Wednesday, March 12, 2014

Pad Thai

Eat this Pad Thai and love it!

Yum, yum, yum! This Pad Thai is delicious and fancy and not too difficult to make.  I urge you to read the recipe a few times because once you get started you want to move pretty quickly.  I think Thai people must be a bit quicker than people in every other culture, because every Thai dish I've ever recreated has about 600 components.

I made such a fancy recipe in honor of my older sister, who is the fanciest lady I know. In honor of my older sister's birthday, I present to you a five paragraph essay in which I wax poetic about all the things I love about Emily.

Sisters and cousins at the Hot Springs this Christmas.

My older sister has a very toothy grin, but you wouldn't know this from her first through third grade school pictures.  Instead, you would see a goofy half grin; teeth hidden, and the bright striped sweater that defined early nineties elementary school style.  Emily hid her real smile because she had a front tooth gap long past the age when most of her peers had lost and regained their teeth.  The tooth gap is about fifty percent my fault.  When we were just toddlers, we raced around a table in our parent's dining room.  Around and around we would race.  As an adult, I cannot tell you why we loved this game so much, but every time I see siblings together, I know that they play it, and they love it too.

Even as a first grader, my older sister had developed one of the important philosophies that would guide her life and mine - everybody likes to be fancy sometimes.  In the mind's eye of a first grade girl, like Emily, the school picture wasn't just something to slap in the yearbook. It represented the opportunity to indulge a passion for elegance, for the upscale and for beauty. Practically speaking, my sister looked goofy, but childhood is the time for testing philosophies, even if you fail to live them out, and my sister lived her philosophy to the fullest.

A few years later, I remember that my cousin and I were creating "News Coverage" using my grandpa's camcorder.  We invited Emily to be the meteorologist, and she put on my Aunt Maggie's lipstick and spoke in a Southern accent since that was pretty fancy to her.  I thought she was very elegant and hilarious.  In retrospect, she had a horrible accent and looked ridiculous.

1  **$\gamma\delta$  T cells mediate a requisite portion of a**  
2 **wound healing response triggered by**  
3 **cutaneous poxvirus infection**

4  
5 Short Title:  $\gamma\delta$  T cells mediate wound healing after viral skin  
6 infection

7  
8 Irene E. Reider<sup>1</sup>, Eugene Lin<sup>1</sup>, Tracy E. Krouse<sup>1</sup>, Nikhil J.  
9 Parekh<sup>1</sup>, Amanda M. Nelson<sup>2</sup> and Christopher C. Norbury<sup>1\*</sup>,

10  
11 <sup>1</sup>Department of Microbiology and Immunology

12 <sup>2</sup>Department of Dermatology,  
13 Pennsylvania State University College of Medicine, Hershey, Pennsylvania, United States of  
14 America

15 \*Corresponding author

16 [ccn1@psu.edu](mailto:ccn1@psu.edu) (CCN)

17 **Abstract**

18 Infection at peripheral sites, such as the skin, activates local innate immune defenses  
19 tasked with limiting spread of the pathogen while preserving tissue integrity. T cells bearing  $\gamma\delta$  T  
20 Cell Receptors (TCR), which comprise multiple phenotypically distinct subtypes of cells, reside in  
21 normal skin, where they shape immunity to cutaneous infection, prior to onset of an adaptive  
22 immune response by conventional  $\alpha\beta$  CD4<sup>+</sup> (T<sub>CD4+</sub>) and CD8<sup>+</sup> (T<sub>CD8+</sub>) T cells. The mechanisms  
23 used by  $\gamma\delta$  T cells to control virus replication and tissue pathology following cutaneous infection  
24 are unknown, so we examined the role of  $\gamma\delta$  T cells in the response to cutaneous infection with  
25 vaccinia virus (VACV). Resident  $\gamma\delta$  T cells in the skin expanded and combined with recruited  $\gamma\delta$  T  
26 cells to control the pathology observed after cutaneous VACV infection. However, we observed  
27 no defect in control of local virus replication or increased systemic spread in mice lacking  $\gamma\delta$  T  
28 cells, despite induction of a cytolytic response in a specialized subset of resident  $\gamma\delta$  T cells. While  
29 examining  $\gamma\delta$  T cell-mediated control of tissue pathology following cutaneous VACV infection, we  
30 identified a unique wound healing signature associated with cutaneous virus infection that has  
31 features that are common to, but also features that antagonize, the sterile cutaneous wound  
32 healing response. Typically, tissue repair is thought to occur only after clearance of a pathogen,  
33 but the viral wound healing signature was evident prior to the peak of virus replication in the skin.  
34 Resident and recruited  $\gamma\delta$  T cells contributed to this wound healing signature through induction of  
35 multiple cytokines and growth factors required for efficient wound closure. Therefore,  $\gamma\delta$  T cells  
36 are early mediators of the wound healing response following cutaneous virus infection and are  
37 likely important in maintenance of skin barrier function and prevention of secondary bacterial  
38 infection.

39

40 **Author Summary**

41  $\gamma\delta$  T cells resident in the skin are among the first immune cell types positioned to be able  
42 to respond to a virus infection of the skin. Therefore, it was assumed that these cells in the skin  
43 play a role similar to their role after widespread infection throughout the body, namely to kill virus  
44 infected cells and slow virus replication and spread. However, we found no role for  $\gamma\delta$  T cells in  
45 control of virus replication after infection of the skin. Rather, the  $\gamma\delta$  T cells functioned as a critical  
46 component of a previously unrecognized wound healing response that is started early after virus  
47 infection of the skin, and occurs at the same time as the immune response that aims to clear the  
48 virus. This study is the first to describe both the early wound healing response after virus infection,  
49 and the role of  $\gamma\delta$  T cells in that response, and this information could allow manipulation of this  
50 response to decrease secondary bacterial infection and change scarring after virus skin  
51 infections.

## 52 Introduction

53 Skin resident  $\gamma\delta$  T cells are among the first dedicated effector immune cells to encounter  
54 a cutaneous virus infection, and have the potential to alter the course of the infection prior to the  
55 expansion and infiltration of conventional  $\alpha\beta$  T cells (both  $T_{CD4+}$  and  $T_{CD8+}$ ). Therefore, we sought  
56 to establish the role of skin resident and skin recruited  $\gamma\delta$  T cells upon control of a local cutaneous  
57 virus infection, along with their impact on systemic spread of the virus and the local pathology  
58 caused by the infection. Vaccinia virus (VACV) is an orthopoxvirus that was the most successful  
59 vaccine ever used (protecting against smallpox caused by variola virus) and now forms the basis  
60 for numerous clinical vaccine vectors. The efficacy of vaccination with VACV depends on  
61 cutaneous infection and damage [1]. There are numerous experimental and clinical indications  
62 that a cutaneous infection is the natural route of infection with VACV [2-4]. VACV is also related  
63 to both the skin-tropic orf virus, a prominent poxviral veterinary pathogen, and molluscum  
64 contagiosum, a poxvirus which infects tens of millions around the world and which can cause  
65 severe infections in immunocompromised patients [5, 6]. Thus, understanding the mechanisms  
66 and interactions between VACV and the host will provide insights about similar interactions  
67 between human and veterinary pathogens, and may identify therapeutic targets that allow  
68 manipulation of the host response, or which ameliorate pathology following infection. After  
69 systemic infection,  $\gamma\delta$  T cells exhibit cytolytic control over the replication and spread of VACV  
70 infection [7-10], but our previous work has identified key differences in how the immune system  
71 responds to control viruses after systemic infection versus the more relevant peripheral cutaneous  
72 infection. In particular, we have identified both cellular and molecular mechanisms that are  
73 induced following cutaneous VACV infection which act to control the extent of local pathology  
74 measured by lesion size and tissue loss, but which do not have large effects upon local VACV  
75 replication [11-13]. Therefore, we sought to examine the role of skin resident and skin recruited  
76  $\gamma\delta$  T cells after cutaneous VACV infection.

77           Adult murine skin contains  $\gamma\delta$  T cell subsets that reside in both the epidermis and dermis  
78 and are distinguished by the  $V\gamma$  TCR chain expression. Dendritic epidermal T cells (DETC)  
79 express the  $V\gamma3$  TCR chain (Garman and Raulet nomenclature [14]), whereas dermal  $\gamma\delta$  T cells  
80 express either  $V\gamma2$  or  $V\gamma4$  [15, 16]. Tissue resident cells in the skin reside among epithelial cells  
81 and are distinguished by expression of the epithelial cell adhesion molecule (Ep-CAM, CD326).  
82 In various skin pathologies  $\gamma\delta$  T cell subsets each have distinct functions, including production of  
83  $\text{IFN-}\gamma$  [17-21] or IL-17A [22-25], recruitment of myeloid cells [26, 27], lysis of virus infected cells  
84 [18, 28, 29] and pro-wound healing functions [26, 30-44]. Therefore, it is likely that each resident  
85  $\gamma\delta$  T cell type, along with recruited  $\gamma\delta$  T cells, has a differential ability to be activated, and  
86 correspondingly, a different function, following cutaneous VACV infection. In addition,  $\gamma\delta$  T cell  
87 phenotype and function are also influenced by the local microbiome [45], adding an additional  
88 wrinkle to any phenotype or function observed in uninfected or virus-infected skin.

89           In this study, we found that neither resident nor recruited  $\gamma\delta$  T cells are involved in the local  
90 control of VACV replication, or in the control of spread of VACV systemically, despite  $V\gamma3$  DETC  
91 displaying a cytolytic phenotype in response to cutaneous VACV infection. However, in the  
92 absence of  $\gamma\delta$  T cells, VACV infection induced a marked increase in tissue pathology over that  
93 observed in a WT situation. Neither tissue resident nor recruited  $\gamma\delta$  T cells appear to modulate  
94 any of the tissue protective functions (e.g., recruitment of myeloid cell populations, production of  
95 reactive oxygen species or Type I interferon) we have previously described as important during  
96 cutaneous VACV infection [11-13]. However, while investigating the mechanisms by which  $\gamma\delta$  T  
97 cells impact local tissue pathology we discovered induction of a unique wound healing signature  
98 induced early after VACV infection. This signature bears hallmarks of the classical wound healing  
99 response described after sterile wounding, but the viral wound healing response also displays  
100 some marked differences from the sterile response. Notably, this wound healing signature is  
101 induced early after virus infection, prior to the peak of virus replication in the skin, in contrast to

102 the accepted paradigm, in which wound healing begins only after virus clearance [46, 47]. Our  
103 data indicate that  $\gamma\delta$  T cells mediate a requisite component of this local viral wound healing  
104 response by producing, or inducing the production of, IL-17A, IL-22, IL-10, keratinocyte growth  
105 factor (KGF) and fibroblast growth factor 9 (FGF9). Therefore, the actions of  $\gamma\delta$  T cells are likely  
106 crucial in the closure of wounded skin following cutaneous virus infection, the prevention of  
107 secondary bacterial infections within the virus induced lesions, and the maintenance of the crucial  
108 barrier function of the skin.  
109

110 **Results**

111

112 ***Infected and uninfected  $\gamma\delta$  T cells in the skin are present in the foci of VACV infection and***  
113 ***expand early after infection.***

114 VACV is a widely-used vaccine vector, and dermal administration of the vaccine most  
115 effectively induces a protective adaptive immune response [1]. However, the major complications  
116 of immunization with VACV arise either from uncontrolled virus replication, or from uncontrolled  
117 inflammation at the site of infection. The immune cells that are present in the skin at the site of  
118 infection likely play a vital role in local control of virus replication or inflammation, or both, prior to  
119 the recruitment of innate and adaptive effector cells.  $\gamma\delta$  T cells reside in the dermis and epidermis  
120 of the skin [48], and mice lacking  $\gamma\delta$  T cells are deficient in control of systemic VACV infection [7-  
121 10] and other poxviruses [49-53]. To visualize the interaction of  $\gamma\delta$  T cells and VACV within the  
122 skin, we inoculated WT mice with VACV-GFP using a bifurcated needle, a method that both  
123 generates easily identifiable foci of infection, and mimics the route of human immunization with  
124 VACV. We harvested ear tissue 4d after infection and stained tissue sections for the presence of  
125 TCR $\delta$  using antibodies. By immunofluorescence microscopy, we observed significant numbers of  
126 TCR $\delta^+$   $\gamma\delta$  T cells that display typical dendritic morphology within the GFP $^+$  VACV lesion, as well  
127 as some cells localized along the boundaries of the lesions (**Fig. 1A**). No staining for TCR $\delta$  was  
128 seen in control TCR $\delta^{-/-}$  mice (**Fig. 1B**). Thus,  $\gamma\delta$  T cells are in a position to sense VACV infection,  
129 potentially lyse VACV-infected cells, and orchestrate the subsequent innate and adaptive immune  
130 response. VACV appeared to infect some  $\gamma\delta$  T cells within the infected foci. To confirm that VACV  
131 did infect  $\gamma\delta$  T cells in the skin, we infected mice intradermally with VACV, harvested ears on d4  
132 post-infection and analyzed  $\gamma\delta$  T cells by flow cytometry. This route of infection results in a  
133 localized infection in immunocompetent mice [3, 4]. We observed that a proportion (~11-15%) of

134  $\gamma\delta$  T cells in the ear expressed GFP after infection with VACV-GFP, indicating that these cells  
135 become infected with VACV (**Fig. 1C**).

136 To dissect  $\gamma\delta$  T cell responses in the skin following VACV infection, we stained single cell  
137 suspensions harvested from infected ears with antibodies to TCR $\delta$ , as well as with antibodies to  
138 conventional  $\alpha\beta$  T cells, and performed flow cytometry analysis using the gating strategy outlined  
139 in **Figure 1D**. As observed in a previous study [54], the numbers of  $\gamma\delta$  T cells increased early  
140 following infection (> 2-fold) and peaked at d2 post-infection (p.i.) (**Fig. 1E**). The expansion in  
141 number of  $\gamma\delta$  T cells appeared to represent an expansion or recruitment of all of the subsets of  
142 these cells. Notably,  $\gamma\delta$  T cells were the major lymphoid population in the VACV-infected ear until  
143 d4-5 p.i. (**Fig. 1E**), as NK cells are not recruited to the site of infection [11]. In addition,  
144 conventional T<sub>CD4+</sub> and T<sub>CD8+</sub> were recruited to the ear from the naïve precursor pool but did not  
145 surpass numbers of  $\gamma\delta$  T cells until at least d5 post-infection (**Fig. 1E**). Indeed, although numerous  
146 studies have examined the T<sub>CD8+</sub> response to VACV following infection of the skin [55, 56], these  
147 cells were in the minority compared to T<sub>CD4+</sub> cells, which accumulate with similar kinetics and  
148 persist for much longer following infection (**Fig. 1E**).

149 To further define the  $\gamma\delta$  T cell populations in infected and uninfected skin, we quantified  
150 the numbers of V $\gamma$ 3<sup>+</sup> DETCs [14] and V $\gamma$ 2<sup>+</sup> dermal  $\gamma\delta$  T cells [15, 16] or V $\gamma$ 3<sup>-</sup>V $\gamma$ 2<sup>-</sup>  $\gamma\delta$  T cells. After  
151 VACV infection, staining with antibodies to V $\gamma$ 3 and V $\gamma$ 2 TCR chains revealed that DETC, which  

Even though so many of my older sister's decisions have turned out to be ridiculous, I still look up to her, and I still admire her.  Emily is a faithful friend; she's one who will go out of her way to make her friend's lives a little fancier, which is something we all need.  Passion and zeal for loving God and loving people exude from her spirit, and she has the ability to draw people in.  I do not know whether those characteristics are totally connected but in my heart they are.

I just realized that I completely failed on the five paragraph essay format.  I was supposed to include a thesis statement, three supporting points and a conclusion; instead I included a lengthy introduction, two unrelated stories, and a gush about how great Emily is.  In conclusion, Emily, this is your lesson plan plan next time you ask your eighth graders to write a five paragraph essay; they can just make this essay much better.  And remember kids, never write using the second person in formal writing.

And onto the recipe:

Fairly Easy Pad Thai

The Key to this dish is ensuring that all ingredients are prepped before you heat the oil.  Once you get moving, you want to cook everything very quickly.

3 Pods of Rehydrated Tamarind 
-(Dried Tamarind can be found in the Mexican section of your grocery store or in an Asian/Indian grocery store)
-To rehydrate, throw entire pod in 3-4 ounces of simmer water, allow to simmer for 15 minutes. Then remove outer pod, weird veiny things, and seeds
-Closet Cooking suggests this can be replaced with Lime Juice and I'm inclined to believe him
4T Fish Sauce (yes fish sauce, please don't sub Soy Sauce or you will be sad)
2T Sugar
3T Sriracha Sauce (or more)
2 Chicken Thighs
4 oz Thick Rice Noodles (1/3 package Taste of Thai) 
1/4 Red Onion Diced
4 Cloves Garlic
1 Egg
Lime, Cilantro and chopped peanuts for serving

1. Prepare rice noodles exactly according to package.  Don't try to outsmart the package, the directions are there for a reason.
2. Whisk or use a food processor to combine tamarind, Sugar, Fish Sauce and Sriracha
3. Heat oil to very hot
4. Add onion, garlic and chicken and cook chicken through.
5. Push to the side then add noodles and sauce
6. Make a circular nest of noodles and crack egg into the pan
7. Scramble the egg
8. Once egg is cooked, combine all ingredients as well as garnishes

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